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Reflections on the World Urban Forum

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The vast grounds of the WUF conference

[Editor’s Note: This is the final piece of Christine McLaren’s coverage of the World Urban Forum in Naples, Italy. Christine is the  resident blogger for the BMW Guggenheim Lab and all posts are also being published on Lab|log at]

I left the World Urban Forum a few days ago, and have since been searching for the proper word to summarize my experience there. Only one has come to mind: confusing.

Of course, as I wrote at the beginning of my time there, it is hardly possible to partake of everything that goes on at a conference so large and with so many conflicting agendas. But that which I did experience was, well, far from inspiring.

In my introductory interview with Mariam Yunusa, World Urban Forum Project Coordinator for UN-Habitat, she described the conference as “a marketplace of ideas” for the Habitat agenda, particularly the special sessions and the dialogues. But attending the dialogues, for instance, along with many of the other sessions and “networking events,” I had to wonder what could possibly be garnered from them that would guide any agenda, or be truly representative of, as she put it to me, “what the world thinks.” From what I saw from the outside, the majority of the “dialogues” encompassed presentations from a previously selected group of panelists on their own work in their respective cities or organizations, a short question-and-answer session with the audience, and just a few minutes for genuine debate at the end in answer to those questions.

Those few minutes at the end were by far the most exciting, engaging, and productive. The most exciting things I learned in the entire “dialogue” around “The Shape of Cities: Urban Planning, Institutions, and Regulations for Better Quality of Life,” for instance, were in the few brief minutes where true dialogue erupted and true city-to-city learning was debated.

It’s not that rich dialogue is not possible: I did attend one session where I genuinely felt advice and guidance was being solicited, notated, and digested. And while I was there, I was amazed by the professionalism, efficiency, and productivity of the conversation. There was a clear question asked, and at the end, a relatively clear answer received. But this format did not seem to be the norm for the conference as I experienced it.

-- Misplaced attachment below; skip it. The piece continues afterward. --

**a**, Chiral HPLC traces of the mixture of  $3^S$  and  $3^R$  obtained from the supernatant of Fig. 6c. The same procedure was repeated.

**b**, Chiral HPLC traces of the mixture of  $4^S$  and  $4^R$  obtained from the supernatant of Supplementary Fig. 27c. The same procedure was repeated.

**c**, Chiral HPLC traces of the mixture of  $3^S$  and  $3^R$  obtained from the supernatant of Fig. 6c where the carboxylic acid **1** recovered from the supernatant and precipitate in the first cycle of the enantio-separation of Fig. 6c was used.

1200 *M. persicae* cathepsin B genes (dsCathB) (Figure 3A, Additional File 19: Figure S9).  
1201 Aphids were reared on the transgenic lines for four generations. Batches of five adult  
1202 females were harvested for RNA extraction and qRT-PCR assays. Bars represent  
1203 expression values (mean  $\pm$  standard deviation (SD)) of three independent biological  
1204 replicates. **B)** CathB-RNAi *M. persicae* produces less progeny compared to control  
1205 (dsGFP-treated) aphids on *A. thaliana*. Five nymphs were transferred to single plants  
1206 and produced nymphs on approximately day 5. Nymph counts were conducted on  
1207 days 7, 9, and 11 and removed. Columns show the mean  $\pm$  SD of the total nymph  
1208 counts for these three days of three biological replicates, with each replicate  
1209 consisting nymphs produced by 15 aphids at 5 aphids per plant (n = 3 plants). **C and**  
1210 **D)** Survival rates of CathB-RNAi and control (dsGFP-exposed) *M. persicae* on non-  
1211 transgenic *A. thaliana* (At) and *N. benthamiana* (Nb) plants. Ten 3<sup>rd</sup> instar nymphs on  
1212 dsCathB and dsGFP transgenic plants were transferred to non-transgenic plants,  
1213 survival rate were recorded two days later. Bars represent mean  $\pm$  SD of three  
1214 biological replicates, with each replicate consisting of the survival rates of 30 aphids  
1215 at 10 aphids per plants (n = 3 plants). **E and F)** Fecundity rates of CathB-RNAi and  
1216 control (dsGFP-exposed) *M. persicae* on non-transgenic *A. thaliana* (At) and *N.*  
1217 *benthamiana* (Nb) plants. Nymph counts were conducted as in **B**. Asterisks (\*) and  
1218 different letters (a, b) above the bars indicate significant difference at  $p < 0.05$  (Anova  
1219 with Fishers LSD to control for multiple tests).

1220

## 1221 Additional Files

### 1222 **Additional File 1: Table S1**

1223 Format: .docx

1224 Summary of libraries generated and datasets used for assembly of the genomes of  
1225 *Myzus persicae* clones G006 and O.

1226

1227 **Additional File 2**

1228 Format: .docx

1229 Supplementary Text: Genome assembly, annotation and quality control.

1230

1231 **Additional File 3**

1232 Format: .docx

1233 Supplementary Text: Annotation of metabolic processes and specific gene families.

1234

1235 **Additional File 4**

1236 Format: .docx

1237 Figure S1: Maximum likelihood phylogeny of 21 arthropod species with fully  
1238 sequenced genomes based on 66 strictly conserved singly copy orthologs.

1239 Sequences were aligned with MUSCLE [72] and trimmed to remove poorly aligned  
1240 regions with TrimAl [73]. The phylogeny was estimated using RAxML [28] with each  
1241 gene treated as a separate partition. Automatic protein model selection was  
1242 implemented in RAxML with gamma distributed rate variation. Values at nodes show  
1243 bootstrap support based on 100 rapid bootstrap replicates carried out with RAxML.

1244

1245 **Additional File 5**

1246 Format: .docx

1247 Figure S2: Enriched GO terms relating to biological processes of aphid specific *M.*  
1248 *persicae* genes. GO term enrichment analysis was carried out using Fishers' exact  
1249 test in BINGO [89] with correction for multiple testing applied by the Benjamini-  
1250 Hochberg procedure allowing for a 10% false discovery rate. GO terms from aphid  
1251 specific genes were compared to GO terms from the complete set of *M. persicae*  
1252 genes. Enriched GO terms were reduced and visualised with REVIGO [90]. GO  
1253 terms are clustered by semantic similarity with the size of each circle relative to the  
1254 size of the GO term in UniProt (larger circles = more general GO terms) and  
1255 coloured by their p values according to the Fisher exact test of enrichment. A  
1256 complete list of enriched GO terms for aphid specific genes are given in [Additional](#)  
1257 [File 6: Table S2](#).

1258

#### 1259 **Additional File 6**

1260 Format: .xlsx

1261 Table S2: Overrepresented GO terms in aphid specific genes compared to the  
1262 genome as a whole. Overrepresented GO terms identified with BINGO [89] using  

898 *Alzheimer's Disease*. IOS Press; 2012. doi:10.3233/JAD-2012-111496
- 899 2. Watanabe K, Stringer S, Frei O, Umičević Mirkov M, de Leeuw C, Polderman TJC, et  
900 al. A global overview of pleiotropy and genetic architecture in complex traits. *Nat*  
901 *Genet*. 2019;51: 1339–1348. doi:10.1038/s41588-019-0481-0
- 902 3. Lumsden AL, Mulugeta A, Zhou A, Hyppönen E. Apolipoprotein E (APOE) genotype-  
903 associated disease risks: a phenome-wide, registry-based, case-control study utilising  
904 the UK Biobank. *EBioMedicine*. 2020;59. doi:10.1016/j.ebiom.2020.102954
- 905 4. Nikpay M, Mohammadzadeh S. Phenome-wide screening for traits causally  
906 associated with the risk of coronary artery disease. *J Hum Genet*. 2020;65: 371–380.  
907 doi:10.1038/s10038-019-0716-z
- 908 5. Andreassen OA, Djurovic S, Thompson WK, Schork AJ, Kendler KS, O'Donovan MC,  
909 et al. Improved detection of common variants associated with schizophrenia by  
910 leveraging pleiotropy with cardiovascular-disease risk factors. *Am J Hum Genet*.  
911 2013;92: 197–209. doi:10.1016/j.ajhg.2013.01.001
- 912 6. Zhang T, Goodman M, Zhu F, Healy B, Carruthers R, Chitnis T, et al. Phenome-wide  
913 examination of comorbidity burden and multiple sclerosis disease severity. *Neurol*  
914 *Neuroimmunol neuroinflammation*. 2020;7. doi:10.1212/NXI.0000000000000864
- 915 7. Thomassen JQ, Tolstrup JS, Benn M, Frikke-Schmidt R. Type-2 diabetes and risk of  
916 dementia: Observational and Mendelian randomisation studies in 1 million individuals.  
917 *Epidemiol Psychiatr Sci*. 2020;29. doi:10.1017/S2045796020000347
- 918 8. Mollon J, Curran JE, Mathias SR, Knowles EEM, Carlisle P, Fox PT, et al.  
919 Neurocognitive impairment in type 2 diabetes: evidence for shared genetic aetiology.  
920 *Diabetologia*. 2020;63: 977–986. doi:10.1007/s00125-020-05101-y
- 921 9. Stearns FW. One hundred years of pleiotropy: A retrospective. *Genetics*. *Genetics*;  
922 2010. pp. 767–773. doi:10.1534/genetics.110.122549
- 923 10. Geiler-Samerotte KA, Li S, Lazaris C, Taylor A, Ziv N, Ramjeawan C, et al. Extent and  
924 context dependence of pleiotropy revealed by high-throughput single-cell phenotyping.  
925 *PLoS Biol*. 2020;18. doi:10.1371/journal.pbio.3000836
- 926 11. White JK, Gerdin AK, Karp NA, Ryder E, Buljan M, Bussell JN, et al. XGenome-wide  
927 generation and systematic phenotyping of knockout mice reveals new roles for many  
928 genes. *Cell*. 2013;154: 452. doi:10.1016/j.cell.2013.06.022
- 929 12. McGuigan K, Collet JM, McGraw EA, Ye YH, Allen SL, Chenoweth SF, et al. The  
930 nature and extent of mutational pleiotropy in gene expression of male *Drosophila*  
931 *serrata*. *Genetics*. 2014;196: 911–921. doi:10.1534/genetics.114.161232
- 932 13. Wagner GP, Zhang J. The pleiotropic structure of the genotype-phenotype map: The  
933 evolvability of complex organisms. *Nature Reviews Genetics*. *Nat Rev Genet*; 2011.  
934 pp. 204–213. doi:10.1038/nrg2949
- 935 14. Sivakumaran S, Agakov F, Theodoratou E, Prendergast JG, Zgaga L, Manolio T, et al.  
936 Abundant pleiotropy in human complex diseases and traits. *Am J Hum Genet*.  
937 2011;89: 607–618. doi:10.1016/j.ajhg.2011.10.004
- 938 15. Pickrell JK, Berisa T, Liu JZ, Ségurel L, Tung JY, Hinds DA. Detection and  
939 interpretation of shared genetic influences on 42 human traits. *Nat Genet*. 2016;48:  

I was not the only one who left feeling perplexed by World Urban Forum. At mega-events like these, the media room can often feel like a protective den of closely guarded secrets and scoops. But here, journalists often openly asked one another for interesting hooks from the conference day that they could follow up on, because they’d come up empty-handed themselves. I even found the networking difficult from time to time. From descriptions of previous WUFs, I imagined working my way through a constant throng of new ideas—bumping into interesting people from around the world on their way to sessions, eating lunch, and sipping coffees with new acquaintances at break time. But the venue was so large, and the crowd so relatively small, that spontaneous interactions were surprisingly few and far between.

Eventually the Report of the Forum will be published, and perhaps, reading it, I will come to a clearer understanding of how the dialogues and sessions are actually going to be made useful by UN-Habitat or other key stakeholders. But for the time being, I am left with the overwhelming reminder of the difficulty that comes with scale: that while the idea of global consensus and dialogue is admirable and an important aspiration to pursue, the reality of it is incredibly laborious and, it seems, problematic. Reading this  Bitcoin Trader review also opens up more options for understanding the subject and, ultimately, investing.


Christine McLaren is a freelance journalist who investigates solutions to urban problems. She is currently traveling as the resident blogger for the BMW Guggenheim Lab, a mobile urban think tank investigating urban solutions in nine cities around the world. Her writing and research explores how the shape of our cities impacts the lives and behavior of those living in them and how shifting social, environmental, and economic climates are changing our relationship with the urban fabric. Based in Vancouver, Canada, she has written for publications such as Spacing, Zoomer, BC Business, Unlimited, and Momentum Magazines and reported for numerous print, online, and television news outlets. She was also the lead researcher for award-winning Canadian journalist and New York Lab Team member Charles Montgomery’s upcoming book Happy City, and conducted research for National Geographic Emerging Explorer Alexandra Cousteau‘s upcoming book, This Blue Planet.